Everybody knows that if you donate a car to a charitable (non-profit) organization you can list it as a deduction on your taxes. What you may not know is that the rules have changed in recent years, making it more difficult to claim the value of such a contribution. And yet, if your old clunker is slated for the junk heap anyway, you might as well do something good for your fellow man and get some kind of tax break in exchange. Plus, there are other benefits to this type of beneficence. Here are just a couple of ways that donating a car can be to your advantage.
But let's get on to the real benefits that everyone wants to know about; helping other people and feeling good about it may be high on your priority list, but let's face it, so are your finances. And as long as you're doing something nice you may as well get something out of the deal. So here's the skinny on the tax situation. It used to be the case that you could donate a vehicle to the charitable institution of your choice, get a receipt (for your own records), and claim the fair market value of the vehicle on your tax return for the year, deducting the entire amount as a loss.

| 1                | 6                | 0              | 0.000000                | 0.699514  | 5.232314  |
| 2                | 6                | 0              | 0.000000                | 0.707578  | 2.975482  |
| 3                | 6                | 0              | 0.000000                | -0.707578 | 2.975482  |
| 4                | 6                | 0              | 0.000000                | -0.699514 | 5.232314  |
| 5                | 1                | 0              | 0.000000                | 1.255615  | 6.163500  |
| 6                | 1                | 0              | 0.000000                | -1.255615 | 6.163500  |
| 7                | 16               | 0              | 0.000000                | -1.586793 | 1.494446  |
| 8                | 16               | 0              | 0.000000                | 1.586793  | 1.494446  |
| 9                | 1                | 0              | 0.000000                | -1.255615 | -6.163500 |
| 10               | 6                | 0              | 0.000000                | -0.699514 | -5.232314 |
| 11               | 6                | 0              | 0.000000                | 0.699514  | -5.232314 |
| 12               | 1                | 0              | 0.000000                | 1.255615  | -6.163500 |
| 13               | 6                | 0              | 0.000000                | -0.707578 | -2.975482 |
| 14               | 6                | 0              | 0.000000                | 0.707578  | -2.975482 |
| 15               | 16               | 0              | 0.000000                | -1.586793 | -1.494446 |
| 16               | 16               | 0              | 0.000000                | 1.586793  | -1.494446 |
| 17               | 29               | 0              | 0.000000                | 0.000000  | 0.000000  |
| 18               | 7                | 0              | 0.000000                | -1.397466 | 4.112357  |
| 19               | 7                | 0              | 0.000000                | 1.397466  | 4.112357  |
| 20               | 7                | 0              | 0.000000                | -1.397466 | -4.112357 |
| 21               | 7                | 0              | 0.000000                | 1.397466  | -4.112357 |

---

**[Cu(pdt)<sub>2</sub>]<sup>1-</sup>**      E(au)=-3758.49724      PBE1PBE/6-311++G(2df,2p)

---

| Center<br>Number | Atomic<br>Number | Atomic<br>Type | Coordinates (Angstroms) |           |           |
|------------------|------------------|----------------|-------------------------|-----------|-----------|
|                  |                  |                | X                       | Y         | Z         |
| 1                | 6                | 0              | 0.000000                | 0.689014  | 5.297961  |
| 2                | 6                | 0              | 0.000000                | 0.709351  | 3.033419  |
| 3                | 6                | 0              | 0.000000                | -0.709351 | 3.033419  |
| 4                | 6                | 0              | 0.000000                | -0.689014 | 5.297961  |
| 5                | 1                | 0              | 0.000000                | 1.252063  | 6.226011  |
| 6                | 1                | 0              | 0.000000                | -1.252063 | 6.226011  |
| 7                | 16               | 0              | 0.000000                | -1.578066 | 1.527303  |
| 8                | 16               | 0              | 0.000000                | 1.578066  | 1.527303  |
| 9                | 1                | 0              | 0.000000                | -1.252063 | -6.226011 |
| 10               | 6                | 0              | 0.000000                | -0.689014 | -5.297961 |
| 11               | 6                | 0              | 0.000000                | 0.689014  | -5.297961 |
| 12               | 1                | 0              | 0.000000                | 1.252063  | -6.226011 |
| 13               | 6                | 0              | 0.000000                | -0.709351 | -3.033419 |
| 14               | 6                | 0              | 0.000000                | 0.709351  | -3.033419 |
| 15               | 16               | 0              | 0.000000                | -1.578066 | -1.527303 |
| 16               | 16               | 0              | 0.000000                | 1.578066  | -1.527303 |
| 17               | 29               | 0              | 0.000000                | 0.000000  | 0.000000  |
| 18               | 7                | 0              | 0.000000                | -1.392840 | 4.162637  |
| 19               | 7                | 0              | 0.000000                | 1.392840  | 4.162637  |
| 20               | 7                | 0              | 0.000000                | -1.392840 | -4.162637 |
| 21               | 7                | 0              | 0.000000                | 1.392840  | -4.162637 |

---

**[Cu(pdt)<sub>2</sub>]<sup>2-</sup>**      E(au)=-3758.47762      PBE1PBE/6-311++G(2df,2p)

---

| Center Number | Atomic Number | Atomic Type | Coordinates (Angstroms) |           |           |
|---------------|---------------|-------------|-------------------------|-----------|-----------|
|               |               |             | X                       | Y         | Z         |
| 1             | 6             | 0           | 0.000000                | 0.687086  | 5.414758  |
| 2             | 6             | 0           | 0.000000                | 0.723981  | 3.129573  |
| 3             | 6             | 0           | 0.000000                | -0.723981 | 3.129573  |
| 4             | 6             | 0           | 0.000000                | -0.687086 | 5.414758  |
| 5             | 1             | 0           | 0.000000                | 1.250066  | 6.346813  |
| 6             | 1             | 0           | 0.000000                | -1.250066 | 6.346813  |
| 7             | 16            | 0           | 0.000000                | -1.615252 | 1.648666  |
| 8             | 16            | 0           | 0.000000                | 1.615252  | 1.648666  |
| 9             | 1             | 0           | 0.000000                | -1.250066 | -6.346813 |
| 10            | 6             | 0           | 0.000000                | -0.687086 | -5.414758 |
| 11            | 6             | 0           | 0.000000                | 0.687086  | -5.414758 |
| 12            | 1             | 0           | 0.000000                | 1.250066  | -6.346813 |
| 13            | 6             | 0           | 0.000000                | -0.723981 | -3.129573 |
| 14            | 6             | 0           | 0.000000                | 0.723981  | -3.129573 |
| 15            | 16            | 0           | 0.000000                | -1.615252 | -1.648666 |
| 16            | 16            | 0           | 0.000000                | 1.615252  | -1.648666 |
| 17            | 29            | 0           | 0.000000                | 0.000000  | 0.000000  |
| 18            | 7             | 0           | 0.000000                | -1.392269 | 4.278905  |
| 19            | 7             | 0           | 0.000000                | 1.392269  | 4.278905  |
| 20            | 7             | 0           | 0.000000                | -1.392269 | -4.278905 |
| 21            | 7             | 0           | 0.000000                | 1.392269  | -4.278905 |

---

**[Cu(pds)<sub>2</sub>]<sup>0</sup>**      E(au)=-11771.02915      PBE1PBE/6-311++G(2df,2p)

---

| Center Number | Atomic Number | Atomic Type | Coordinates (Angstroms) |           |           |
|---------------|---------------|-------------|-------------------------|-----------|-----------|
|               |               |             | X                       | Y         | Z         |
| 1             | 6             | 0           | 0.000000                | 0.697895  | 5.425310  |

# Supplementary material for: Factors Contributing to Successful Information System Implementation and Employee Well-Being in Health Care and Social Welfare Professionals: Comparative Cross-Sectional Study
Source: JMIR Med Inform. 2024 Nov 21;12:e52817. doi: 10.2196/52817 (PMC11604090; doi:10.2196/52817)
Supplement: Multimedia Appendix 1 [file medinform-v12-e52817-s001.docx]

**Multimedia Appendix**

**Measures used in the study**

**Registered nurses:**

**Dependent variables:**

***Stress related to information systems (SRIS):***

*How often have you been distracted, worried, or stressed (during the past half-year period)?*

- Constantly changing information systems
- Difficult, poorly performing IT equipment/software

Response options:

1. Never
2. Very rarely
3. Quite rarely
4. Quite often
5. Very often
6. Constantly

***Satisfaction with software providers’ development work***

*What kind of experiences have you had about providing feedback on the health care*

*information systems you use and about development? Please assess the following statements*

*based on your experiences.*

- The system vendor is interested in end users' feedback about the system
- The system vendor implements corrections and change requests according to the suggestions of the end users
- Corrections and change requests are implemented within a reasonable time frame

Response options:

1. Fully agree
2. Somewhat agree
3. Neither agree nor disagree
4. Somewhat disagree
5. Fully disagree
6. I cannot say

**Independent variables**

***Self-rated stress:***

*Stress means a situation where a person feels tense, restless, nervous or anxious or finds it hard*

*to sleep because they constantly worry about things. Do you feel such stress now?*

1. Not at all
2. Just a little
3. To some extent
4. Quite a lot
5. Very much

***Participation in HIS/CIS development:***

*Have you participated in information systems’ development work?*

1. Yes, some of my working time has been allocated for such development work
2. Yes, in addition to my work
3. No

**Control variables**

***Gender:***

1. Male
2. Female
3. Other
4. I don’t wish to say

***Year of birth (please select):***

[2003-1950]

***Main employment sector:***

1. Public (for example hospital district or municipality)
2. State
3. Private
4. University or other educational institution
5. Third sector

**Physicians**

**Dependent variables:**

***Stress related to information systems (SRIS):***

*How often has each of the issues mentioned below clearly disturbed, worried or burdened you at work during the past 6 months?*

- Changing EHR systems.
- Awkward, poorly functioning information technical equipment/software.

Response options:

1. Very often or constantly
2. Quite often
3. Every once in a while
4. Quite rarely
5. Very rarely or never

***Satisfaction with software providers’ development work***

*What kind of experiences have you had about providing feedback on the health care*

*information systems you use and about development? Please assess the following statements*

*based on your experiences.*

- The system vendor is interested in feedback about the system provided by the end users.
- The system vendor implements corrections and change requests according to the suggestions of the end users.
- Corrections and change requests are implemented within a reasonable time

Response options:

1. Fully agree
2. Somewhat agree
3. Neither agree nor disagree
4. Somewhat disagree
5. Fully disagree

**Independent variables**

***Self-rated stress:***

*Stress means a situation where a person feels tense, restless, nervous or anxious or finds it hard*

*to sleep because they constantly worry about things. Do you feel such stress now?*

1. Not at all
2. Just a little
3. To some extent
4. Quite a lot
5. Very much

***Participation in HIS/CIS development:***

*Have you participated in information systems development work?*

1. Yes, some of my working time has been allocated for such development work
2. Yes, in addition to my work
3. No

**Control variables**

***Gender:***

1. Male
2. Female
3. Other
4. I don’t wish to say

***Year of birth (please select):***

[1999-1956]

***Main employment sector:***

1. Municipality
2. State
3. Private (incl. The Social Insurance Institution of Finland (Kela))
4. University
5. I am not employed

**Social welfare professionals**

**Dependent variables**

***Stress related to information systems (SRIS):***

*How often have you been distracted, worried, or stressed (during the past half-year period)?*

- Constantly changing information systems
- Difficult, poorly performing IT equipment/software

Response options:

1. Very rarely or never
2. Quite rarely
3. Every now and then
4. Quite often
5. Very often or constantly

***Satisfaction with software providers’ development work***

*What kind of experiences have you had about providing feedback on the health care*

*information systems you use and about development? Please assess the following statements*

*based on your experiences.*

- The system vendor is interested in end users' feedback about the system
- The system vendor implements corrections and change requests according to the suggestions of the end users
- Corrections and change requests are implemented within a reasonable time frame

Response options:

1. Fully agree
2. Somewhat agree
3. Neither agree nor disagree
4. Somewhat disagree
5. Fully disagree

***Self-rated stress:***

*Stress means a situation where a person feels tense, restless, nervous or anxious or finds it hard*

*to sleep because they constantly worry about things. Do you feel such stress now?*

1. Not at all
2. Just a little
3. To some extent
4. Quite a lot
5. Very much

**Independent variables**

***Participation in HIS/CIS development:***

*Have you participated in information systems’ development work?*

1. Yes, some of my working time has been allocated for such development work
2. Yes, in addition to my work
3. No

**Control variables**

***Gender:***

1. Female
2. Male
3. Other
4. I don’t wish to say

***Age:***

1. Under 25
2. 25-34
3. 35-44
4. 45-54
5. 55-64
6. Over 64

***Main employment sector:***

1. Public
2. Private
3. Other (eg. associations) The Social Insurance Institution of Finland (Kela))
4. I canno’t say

Sounds pretty awesome, right? It was, right up until a whole bunch of people got caught taking advantage of this good faith system by claiming that the cars they donated were worth a lot more than their actual value. It turns out the IRS does not like to be defrauded in this manner. Not surprisingly, they changed the rules and regulations pertaining to this particular deductible.